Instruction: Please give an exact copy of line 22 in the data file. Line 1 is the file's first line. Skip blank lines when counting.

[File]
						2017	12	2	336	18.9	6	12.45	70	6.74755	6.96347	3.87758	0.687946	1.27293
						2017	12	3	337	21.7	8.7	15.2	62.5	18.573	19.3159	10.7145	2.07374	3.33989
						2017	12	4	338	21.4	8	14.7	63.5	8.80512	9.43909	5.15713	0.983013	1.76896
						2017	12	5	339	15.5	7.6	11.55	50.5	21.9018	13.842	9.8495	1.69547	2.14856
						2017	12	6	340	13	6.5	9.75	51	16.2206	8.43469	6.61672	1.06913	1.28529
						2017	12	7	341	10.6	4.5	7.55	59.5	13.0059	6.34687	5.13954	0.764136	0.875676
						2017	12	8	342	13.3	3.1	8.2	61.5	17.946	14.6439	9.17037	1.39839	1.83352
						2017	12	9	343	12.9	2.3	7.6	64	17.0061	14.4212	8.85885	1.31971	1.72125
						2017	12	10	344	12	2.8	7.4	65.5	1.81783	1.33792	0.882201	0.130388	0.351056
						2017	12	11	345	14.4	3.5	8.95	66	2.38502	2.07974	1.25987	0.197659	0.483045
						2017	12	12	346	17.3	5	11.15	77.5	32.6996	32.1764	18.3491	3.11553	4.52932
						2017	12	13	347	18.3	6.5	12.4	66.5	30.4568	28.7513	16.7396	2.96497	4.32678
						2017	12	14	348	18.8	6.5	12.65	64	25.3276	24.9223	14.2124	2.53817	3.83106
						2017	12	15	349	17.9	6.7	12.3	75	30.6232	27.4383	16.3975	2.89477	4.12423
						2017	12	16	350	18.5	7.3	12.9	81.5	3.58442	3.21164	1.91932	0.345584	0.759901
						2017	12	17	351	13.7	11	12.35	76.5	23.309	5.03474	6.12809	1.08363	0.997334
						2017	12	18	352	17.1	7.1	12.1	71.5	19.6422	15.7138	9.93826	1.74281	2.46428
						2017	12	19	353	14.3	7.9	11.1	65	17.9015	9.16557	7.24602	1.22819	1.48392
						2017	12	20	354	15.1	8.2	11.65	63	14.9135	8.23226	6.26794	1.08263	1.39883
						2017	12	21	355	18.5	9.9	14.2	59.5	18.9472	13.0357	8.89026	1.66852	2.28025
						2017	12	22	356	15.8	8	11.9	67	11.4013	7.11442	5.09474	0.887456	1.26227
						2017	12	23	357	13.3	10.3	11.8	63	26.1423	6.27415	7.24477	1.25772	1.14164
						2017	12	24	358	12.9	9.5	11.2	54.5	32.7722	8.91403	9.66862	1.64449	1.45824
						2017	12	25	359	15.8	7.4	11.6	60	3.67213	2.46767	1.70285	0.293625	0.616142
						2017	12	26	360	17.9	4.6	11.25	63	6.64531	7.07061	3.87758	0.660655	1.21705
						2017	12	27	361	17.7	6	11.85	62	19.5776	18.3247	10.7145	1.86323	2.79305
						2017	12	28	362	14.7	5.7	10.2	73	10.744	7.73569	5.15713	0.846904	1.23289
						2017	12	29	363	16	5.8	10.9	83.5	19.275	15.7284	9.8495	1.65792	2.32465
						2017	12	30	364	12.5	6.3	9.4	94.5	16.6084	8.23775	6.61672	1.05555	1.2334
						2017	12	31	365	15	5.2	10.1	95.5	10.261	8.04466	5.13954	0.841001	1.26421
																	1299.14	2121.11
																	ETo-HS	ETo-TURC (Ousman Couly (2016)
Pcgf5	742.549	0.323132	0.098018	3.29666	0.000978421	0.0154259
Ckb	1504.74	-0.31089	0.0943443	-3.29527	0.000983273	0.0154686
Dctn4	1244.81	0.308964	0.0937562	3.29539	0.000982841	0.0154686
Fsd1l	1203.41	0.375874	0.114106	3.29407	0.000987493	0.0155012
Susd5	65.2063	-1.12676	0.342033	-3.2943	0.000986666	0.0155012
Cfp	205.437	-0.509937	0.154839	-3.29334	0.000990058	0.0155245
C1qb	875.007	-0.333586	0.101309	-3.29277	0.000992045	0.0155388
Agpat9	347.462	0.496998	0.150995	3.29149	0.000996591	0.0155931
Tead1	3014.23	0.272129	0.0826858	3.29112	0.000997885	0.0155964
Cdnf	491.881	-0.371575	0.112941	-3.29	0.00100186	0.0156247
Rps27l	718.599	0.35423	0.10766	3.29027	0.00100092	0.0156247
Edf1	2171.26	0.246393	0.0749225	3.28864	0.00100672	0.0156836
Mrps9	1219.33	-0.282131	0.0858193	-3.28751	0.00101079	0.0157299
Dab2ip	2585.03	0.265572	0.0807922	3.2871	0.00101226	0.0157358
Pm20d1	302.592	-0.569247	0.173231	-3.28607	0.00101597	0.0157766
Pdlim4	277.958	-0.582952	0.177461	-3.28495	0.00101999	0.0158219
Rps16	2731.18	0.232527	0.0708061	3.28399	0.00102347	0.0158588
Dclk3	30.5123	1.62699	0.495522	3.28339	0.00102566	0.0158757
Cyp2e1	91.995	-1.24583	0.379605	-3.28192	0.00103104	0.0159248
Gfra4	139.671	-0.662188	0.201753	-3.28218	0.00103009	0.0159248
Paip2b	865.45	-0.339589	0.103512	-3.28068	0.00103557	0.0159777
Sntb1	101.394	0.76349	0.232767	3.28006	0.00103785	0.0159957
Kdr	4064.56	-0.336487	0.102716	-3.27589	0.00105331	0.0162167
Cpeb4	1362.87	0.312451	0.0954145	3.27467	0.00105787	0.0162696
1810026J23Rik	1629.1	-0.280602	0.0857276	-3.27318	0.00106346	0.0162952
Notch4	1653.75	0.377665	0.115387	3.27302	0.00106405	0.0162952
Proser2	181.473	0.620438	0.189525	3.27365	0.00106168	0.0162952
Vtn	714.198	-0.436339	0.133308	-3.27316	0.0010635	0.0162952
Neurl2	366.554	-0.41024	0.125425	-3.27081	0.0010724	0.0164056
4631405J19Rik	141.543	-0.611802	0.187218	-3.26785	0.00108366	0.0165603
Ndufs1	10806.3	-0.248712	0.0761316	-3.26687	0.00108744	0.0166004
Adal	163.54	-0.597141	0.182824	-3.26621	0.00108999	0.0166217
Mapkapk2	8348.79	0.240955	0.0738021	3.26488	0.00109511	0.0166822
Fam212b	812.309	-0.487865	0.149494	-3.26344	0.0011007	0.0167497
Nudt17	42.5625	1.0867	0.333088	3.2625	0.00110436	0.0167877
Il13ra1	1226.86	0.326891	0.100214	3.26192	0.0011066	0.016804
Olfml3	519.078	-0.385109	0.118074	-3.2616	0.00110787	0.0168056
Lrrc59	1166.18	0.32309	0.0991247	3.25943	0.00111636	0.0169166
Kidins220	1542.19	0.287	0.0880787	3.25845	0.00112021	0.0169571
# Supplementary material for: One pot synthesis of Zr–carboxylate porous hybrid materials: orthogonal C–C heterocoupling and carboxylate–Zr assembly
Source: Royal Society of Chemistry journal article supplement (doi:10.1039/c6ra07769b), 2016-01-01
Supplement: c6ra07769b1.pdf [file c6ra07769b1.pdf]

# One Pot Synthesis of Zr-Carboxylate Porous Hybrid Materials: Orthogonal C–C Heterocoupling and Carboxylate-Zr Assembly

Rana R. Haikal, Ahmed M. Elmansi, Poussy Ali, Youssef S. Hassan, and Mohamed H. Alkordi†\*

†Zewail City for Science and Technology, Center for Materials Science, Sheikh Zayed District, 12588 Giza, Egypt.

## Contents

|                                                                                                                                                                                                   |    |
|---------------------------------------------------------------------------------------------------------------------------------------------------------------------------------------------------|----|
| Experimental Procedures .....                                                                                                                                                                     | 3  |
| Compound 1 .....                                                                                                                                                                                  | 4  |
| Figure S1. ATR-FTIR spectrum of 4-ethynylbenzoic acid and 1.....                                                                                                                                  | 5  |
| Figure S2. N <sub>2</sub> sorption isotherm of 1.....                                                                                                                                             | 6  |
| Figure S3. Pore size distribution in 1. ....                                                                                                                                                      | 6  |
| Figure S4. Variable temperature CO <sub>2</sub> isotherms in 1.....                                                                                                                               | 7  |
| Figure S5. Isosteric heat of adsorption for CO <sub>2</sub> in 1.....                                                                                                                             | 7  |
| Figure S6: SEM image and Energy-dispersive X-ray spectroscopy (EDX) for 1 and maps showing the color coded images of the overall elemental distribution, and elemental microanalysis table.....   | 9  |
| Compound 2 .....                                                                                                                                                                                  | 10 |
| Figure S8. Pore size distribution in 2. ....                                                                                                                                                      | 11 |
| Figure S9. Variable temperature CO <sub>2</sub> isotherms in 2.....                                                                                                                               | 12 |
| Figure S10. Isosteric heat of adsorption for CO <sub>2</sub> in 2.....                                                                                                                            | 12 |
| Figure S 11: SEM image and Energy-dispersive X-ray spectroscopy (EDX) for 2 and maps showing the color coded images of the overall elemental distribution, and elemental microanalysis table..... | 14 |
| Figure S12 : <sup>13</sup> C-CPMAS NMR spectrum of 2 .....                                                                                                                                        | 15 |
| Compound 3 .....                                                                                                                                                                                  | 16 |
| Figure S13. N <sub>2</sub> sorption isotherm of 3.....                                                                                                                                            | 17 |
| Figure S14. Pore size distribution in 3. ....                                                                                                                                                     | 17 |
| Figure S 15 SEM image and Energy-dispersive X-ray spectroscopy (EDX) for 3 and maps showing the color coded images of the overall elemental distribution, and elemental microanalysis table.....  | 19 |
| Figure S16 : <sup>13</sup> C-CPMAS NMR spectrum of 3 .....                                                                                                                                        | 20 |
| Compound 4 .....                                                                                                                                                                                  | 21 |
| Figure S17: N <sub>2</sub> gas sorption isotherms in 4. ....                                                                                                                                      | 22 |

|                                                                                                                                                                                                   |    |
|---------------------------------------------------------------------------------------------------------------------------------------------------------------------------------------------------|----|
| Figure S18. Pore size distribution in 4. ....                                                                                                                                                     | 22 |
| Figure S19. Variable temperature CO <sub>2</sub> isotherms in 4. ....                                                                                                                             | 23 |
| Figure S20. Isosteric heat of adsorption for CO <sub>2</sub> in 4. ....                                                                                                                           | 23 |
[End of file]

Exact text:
						2017	12	23	357	13.3	10.3	11.8	63	26.1423	6.27415	7.24477	1.25772	1.14164